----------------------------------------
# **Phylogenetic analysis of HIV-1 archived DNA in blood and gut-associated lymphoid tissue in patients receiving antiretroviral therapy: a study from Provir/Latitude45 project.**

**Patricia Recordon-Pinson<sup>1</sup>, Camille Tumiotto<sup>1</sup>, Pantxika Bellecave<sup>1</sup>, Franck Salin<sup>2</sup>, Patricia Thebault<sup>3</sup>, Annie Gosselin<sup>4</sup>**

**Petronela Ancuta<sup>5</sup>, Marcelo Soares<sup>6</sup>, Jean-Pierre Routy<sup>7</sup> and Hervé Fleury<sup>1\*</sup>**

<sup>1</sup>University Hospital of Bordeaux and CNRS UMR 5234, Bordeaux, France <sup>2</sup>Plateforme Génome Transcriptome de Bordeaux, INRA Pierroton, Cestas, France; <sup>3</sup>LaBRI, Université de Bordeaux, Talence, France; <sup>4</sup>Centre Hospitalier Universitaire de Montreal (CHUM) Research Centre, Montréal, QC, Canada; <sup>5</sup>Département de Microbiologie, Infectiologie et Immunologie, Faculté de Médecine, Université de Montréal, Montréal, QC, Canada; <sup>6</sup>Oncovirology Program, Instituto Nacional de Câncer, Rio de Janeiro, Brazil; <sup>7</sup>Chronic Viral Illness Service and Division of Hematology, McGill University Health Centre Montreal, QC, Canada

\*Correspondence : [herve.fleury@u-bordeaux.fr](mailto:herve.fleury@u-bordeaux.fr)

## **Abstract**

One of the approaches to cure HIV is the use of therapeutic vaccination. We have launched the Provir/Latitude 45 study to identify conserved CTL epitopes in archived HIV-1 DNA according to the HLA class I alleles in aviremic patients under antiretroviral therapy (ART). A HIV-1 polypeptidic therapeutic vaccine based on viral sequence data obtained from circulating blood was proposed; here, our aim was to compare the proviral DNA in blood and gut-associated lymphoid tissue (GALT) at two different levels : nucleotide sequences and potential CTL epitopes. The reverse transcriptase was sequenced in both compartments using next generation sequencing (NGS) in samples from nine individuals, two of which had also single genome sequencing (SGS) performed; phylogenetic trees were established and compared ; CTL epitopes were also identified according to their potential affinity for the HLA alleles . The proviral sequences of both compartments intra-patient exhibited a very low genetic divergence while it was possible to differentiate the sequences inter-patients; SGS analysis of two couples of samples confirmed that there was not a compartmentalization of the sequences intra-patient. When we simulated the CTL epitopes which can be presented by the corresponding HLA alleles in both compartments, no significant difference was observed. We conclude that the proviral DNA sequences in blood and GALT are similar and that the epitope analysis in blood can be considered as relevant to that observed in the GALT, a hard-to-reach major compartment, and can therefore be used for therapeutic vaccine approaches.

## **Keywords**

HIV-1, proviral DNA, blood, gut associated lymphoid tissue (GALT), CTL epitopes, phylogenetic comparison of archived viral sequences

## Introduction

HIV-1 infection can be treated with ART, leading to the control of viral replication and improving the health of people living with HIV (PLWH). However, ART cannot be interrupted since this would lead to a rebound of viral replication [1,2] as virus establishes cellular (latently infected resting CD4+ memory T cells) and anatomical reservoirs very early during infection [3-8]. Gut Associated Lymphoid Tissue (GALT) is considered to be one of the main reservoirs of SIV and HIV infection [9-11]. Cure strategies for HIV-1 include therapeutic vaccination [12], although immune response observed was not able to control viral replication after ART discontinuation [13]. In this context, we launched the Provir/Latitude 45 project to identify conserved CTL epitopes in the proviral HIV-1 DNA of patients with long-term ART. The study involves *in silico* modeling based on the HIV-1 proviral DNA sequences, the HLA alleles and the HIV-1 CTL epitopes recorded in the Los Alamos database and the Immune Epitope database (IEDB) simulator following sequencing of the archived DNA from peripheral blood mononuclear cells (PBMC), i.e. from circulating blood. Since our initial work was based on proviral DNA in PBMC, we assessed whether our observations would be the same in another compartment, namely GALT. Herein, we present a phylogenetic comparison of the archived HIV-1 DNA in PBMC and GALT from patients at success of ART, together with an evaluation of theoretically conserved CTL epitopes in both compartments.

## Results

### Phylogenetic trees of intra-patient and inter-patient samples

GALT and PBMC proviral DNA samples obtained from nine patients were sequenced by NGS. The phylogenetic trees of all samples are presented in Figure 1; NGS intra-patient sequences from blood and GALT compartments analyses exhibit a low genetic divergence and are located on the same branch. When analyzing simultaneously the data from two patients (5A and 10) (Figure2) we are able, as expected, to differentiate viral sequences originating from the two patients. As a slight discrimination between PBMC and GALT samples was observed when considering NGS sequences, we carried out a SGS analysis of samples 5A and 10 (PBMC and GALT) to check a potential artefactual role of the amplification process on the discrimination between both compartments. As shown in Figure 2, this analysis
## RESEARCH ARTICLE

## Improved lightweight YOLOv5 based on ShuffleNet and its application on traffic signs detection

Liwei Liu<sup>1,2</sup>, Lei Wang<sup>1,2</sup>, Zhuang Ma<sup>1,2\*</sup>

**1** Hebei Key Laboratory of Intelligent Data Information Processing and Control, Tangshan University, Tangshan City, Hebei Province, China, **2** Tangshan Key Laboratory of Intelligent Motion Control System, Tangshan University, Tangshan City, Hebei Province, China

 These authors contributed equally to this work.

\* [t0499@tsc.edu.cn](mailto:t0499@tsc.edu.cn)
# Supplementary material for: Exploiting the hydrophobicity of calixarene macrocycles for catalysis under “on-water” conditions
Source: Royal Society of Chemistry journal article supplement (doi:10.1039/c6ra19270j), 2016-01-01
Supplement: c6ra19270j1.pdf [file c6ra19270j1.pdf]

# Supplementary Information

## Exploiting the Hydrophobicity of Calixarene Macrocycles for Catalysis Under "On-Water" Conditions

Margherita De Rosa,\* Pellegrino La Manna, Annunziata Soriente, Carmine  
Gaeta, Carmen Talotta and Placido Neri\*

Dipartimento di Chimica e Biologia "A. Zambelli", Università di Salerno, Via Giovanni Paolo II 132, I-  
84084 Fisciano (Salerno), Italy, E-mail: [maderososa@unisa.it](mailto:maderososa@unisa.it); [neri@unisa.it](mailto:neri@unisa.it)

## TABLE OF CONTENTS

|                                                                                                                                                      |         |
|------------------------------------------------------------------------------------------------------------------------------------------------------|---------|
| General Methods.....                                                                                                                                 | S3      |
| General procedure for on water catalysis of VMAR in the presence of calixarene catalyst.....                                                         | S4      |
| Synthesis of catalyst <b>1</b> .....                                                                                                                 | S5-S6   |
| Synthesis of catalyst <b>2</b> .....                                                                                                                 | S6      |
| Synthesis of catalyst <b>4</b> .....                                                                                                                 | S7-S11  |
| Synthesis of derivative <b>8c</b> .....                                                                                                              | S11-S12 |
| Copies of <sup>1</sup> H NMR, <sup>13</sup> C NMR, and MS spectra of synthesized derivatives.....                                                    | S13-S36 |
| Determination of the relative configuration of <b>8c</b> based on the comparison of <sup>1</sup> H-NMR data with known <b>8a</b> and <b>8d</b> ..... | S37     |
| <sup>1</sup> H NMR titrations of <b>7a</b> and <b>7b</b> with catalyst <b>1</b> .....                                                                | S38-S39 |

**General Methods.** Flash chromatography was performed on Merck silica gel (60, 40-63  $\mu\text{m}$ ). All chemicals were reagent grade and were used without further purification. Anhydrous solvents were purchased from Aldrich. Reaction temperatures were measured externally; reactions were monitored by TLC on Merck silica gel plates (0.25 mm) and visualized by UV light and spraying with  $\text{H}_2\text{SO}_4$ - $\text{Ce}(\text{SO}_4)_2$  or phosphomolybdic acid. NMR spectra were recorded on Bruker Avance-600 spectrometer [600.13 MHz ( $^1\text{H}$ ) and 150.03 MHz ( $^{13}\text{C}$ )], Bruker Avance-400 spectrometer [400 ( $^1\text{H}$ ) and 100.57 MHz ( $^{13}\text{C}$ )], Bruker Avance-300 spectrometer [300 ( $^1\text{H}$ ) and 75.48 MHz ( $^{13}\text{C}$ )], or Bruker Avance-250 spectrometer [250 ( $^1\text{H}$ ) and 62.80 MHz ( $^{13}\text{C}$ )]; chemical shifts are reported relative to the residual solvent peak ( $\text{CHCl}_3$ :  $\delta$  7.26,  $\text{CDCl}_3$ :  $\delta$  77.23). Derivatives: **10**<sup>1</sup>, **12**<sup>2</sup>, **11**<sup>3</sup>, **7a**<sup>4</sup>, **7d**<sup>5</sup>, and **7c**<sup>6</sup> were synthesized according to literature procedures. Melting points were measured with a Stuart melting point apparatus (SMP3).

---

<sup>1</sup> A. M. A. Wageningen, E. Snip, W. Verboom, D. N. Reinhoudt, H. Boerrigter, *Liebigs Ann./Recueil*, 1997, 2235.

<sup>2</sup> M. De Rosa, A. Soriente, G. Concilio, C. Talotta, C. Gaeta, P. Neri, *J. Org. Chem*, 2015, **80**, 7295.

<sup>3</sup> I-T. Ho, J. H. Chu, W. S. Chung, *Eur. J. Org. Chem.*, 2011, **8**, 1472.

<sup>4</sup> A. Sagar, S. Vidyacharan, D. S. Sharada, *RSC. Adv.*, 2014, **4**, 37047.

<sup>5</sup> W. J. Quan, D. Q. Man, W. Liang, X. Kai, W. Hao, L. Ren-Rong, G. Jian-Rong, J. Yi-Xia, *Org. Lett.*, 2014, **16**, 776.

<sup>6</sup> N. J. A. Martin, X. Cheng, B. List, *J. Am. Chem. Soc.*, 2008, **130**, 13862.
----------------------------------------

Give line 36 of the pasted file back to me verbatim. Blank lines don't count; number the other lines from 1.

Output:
| Synthesis of catalyst <b>2</b> .....                                                                                                                 | S6      |